Kinleigh Folkward & Hayward forecasted sales to drop by a fifth in 2023 as the consequences of the war in Ukraine and the impact of Liz Truss’s ill-fated mini-budget began to unfold.
The London agent was established 46 years ago in 1977 and is now one of the Capital’s leading estate agency and property services brands with a network of 60 offices – like the one in Earlsfield (main picture) – providing a range of services including sales, lettings, estate management and build to rent, surveying, and financial services.
In documents filed at Companies House last week the agency said that despite the impacts of the war in Ukraine, the ensuing cost of living crisis, plus economic and political uncertainty the group had traded positively in 2022.
Group revenues for the year were £82,510,000 (2021: £85,969,000) resulting in profit before tax of £4,668,000 (2021: £8,899,000).
It added that residential sales transactions continued to be depressed ‘with current forecasts indicating falls in market transactions of 20% in 2023’.
But despite the gloomy prediction it also said that the residential lettings market had continued to show healthy growth across all areas ‘which together with other non-cyclical revenue streams should reflect in positive results for the full year’.
Acknowledging the continued strength of the London market it also noted how many active players were operating in both traditional, online and hybrid models.
“Given the scale of the competition, there is continual pressure on commission rates and availability of housing stock,” it said. “Being able to differentiate the group from its competition in terms of customer experience is key, with complementary services backed up by local knowledge.”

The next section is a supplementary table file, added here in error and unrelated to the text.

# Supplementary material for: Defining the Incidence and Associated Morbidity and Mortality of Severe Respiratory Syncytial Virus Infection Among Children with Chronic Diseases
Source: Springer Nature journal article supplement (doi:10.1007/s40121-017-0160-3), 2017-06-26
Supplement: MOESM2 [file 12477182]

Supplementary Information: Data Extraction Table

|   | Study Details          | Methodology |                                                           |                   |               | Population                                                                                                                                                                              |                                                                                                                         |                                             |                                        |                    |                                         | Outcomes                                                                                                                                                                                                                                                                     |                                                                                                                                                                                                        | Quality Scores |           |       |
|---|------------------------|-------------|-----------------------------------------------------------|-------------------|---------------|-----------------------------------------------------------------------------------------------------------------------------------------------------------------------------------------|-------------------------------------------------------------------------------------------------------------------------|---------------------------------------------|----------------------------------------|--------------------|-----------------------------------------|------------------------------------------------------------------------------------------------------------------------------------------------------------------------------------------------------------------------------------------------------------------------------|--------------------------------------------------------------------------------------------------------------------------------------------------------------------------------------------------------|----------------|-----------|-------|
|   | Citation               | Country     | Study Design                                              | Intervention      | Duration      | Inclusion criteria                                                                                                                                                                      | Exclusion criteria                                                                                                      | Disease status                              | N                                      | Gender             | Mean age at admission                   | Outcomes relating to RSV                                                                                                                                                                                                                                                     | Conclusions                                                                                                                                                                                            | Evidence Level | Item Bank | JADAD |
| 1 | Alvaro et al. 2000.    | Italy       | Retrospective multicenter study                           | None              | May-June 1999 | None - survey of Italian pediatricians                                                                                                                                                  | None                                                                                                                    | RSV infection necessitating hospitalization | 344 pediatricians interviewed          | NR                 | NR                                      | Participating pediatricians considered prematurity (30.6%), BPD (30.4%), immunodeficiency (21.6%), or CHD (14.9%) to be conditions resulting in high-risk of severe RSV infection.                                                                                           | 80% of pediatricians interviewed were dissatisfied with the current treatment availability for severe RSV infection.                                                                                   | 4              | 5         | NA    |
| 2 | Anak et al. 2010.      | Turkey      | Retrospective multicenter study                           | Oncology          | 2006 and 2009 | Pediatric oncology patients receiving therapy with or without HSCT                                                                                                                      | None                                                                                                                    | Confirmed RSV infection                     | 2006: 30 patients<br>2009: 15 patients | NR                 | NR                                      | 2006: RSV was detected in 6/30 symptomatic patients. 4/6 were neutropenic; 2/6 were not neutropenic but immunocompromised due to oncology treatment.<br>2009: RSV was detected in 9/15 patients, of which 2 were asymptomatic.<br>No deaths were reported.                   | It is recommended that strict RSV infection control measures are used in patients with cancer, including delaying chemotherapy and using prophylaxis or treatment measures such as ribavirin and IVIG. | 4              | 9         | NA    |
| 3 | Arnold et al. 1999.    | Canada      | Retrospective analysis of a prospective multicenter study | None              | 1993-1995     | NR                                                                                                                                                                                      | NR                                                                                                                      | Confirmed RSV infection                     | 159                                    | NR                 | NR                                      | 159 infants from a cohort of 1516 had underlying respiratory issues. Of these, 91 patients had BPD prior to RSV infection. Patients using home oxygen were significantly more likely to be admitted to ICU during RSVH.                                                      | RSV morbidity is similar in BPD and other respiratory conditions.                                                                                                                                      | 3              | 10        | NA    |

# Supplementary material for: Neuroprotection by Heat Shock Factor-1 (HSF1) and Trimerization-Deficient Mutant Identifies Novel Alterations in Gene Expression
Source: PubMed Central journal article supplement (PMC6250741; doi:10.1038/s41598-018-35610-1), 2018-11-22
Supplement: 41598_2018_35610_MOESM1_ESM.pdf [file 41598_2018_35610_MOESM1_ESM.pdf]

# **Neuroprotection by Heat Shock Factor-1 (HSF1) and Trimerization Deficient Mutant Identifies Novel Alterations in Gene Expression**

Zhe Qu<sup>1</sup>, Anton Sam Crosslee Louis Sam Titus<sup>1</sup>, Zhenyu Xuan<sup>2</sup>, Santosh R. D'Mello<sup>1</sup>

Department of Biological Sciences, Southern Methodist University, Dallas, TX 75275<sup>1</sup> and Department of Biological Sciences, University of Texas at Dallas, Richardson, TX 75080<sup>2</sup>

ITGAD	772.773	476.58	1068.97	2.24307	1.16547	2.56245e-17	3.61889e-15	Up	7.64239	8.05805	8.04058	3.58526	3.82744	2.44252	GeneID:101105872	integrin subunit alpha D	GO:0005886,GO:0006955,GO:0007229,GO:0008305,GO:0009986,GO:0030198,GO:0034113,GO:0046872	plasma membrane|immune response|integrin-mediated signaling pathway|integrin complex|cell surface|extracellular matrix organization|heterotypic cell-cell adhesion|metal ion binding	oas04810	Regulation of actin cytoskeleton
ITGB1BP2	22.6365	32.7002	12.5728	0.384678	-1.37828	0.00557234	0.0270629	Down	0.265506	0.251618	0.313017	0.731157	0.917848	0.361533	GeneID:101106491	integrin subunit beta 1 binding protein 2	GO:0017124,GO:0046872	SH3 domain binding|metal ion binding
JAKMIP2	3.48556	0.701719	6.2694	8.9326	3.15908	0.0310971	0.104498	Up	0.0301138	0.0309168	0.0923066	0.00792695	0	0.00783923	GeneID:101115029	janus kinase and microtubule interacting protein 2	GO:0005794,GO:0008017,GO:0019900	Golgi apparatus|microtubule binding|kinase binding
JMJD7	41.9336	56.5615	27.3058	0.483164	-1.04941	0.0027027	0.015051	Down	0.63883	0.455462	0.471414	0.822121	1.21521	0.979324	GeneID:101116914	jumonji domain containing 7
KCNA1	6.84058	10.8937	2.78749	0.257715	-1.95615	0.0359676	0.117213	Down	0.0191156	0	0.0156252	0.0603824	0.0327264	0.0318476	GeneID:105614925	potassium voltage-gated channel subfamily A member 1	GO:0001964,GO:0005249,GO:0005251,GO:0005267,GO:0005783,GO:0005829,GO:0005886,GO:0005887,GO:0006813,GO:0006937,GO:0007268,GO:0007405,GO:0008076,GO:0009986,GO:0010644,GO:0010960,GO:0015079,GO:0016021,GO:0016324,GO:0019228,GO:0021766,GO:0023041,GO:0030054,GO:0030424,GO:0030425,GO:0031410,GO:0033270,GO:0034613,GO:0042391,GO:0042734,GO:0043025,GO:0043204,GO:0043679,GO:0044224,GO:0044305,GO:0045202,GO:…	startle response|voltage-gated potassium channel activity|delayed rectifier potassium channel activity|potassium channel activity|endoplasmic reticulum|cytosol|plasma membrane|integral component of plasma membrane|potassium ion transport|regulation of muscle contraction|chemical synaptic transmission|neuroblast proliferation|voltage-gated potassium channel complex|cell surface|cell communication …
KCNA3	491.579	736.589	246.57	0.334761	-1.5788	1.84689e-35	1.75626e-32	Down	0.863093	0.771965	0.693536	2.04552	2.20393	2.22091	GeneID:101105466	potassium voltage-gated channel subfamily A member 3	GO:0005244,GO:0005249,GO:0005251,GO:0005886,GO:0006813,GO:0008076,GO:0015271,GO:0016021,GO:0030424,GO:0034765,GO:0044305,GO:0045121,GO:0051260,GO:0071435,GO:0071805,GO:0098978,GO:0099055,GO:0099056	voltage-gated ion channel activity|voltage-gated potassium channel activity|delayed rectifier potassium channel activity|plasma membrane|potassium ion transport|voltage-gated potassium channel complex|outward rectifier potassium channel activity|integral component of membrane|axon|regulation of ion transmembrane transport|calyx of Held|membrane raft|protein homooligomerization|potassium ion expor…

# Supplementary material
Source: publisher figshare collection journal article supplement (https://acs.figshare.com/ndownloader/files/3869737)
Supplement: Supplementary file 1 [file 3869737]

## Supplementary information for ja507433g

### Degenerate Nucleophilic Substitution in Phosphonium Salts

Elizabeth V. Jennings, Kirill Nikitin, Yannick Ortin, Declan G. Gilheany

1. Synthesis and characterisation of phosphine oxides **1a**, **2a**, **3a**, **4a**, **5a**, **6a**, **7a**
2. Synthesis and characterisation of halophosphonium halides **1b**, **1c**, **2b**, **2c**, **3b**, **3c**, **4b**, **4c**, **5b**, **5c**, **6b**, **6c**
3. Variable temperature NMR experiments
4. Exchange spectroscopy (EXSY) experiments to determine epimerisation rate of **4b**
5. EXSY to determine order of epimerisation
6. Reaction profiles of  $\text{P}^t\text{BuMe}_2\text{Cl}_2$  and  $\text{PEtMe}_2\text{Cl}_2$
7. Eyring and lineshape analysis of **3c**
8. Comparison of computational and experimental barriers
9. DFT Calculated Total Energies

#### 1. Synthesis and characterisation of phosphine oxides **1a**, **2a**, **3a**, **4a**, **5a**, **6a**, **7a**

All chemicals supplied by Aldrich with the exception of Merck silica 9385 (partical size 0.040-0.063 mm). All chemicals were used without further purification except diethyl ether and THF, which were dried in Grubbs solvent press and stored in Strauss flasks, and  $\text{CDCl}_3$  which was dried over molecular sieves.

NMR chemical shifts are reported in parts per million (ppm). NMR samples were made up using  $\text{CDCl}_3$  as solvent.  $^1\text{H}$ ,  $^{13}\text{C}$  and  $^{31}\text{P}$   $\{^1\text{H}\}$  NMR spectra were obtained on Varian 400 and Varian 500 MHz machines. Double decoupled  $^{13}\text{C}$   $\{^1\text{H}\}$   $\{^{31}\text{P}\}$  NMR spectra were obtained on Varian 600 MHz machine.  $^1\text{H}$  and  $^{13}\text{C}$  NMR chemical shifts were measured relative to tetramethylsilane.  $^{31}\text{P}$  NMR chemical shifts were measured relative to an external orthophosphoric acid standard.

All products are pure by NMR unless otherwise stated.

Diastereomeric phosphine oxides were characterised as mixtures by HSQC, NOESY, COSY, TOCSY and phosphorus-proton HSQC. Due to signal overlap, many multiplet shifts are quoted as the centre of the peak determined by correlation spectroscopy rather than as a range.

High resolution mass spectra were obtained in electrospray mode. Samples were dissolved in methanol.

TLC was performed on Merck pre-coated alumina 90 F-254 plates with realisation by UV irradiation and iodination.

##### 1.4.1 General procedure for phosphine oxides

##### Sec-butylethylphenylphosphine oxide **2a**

But with more competitors entering the market it also warned: “The risk is that the group might not be able to retain or recruit the right calibre of staff to maintain its high standards of service and delivery, though increased competition for talent, and also changes within the industry in relation to working conditions.”
And it also highlighted the firm’s vulnerability to hackers, saying: “The group is highly reliant on sophisticated IT solutions across all disciplines, and as such is at risk from system failure or malicious acts.
“Any failures will inevitably lead to loss of service, damaged reputation and potential fines and other adverse consequences.”
The Neg revelaed in April how Kinleigh Folkward & Hayward was supporting charity partner London Youth with a full window display take-over across its branches to promote the charity’s latest campaign, Ambitious Applications.